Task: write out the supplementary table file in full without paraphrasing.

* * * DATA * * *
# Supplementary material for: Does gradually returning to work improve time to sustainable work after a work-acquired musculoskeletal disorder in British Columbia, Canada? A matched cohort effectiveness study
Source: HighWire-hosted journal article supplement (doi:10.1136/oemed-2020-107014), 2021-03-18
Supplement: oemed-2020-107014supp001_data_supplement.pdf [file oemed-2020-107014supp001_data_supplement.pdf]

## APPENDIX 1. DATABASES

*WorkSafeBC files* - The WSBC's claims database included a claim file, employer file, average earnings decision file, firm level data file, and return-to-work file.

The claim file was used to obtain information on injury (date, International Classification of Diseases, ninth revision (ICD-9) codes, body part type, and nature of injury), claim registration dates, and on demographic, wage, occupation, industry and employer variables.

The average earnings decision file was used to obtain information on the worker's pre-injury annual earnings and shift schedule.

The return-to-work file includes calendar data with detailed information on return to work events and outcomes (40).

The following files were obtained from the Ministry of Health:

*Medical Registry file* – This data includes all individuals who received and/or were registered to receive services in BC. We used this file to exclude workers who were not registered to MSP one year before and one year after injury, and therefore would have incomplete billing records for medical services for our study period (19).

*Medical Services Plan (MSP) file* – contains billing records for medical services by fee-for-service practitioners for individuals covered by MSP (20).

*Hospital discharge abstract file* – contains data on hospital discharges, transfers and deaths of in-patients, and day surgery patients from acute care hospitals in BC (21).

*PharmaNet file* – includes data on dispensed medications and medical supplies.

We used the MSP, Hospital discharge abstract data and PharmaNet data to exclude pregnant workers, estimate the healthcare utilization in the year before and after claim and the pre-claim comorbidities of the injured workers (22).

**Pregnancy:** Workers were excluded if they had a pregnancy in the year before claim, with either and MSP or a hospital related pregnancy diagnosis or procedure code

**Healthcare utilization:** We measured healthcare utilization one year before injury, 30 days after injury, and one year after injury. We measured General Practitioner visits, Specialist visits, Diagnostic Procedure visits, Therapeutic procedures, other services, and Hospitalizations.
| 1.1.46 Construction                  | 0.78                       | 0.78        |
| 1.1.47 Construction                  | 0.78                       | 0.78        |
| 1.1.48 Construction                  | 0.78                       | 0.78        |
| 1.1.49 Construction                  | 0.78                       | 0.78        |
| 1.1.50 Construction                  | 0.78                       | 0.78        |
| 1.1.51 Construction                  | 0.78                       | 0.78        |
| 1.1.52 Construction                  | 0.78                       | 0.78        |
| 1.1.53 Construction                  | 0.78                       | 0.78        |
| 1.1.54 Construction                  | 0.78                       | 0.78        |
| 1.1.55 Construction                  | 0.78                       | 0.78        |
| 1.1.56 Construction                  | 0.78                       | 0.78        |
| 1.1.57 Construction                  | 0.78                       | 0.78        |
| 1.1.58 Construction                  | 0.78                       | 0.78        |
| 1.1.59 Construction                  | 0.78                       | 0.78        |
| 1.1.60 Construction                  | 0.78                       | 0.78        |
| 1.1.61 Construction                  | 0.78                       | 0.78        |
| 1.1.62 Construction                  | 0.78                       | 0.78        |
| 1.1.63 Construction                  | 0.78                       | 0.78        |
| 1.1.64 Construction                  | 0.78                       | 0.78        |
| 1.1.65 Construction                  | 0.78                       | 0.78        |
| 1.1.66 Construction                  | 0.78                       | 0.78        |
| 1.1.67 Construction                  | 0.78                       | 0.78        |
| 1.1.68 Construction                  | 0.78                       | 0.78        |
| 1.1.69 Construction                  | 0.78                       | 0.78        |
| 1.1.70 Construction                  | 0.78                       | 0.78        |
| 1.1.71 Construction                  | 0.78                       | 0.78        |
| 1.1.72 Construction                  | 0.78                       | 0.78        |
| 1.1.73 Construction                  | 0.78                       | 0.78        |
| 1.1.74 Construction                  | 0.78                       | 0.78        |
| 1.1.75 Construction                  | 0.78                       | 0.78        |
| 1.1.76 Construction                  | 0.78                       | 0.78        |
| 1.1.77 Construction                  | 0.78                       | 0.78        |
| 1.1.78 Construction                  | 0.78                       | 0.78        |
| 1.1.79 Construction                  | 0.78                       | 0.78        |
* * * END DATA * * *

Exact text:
# Supplementary material for: Does gradually returning to work improve time to sustainable work after a work-acquired musculoskeletal disorder in British Columbia, Canada? A matched cohort effectiveness study
Source: HighWire-hosted journal article supplement (doi:10.1136/oemed-2020-107014), 2021-03-18
Supplement: oemed-2020-107014supp001_data_supplement.pdf [file oemed-2020-107014supp001_data_supplement.pdf]

## APPENDIX 1. DATABASES

*WorkSafeBC files* - The WSBC's claims database included a claim file, employer file, average earnings decision file, firm level data file, and return-to-work file.

The claim file was used to obtain information on injury (date, International Classification of Diseases, ninth revision (ICD-9) codes, body part type, and nature of injury), claim registration dates, and on demographic, wage, occupation, industry and employer variables.

The average earnings decision file was used to obtain information on the worker's pre-injury annual earnings and shift schedule.

The return-to-work file includes calendar data with detailed information on return to work events and outcomes (40).

The following files were obtained from the Ministry of Health:

*Medical Registry file* – This data includes all individuals who received and/or were registered to receive services in BC. We used this file to exclude workers who were not registered to MSP one year before and one year after injury, and therefore would have incomplete billing records for medical services for our study period (19).

*Medical Services Plan (MSP) file* – contains billing records for medical services by fee-for-service practitioners for individuals covered by MSP (20).

*Hospital discharge abstract file* – contains data on hospital discharges, transfers and deaths of in-patients, and day surgery patients from acute care hospitals in BC (21).

*PharmaNet file* – includes data on dispensed medications and medical supplies.

We used the MSP, Hospital discharge abstract data and PharmaNet data to exclude pregnant workers, estimate the healthcare utilization in the year before and after claim and the pre-claim comorbidities of the injured workers (22).

**Pregnancy:** Workers were excluded if they had a pregnancy in the year before claim, with either and MSP or a hospital related pregnancy diagnosis or procedure code

**Healthcare utilization:** We measured healthcare utilization one year before injury, 30 days after injury, and one year after injury. We measured General Practitioner visits, Specialist visits, Diagnostic Procedure visits, Therapeutic procedures, other services, and Hospitalizations.
| 1.1.46 Construction                  | 0.78                       | 0.78        |
| 1.1.47 Construction                  | 0.78                       | 0.78        |
| 1.1.48 Construction                  | 0.78                       | 0.78        |
| 1.1.49 Construction                  | 0.78                       | 0.78        |
| 1.1.50 Construction                  | 0.78                       | 0.78        |
| 1.1.51 Construction                  | 0.78                       | 0.78        |
| 1.1.52 Construction                  | 0.78                       | 0.78        |
| 1.1.53 Construction                  | 0.78                       | 0.78        |
| 1.1.54 Construction                  | 0.78                       | 0.78        |
| 1.1.55 Construction                  | 0.78                       | 0.78        |
| 1.1.56 Construction                  | 0.78                       | 0.78        |
| 1.1.57 Construction                  | 0.78                       | 0.78        |
| 1.1.58 Construction                  | 0.78                       | 0.78        |
| 1.1.59 Construction                  | 0.78                       | 0.78        |
| 1.1.60 Construction                  | 0.78                       | 0.78        |
| 1.1.61 Construction                  | 0.78                       | 0.78        |
| 1.1.62 Construction                  | 0.78                       | 0.78        |
| 1.1.63 Construction                  | 0.78                       | 0.78        |
| 1.1.64 Construction                  | 0.78                       | 0.78        |
| 1.1.65 Construction                  | 0.78                       | 0.78        |
| 1.1.66 Construction                  | 0.78                       | 0.78        |
| 1.1.67 Construction                  | 0.78                       | 0.78        |
| 1.1.68 Construction                  | 0.78                       | 0.78        |
| 1.1.69 Construction                  | 0.78                       | 0.78        |
| 1.1.70 Construction                  | 0.78                       | 0.78        |
| 1.1.71 Construction                  | 0.78                       | 0.78        |
| 1.1.72 Construction                  | 0.78                       | 0.78        |
| 1.1.73 Construction                  | 0.78                       | 0.78        |
| 1.1.74 Construction                  | 0.78                       | 0.78        |
| 1.1.75 Construction                  | 0.78                       | 0.78        |
| 1.1.76 Construction                  | 0.78                       | 0.78        |
| 1.1.77 Construction                  | 0.78                       | 0.78        |
| 1.1.78 Construction                  | 0.78                       | 0.78        |
| 1.1.79 Construction                  | 0.78                       | 0.78        |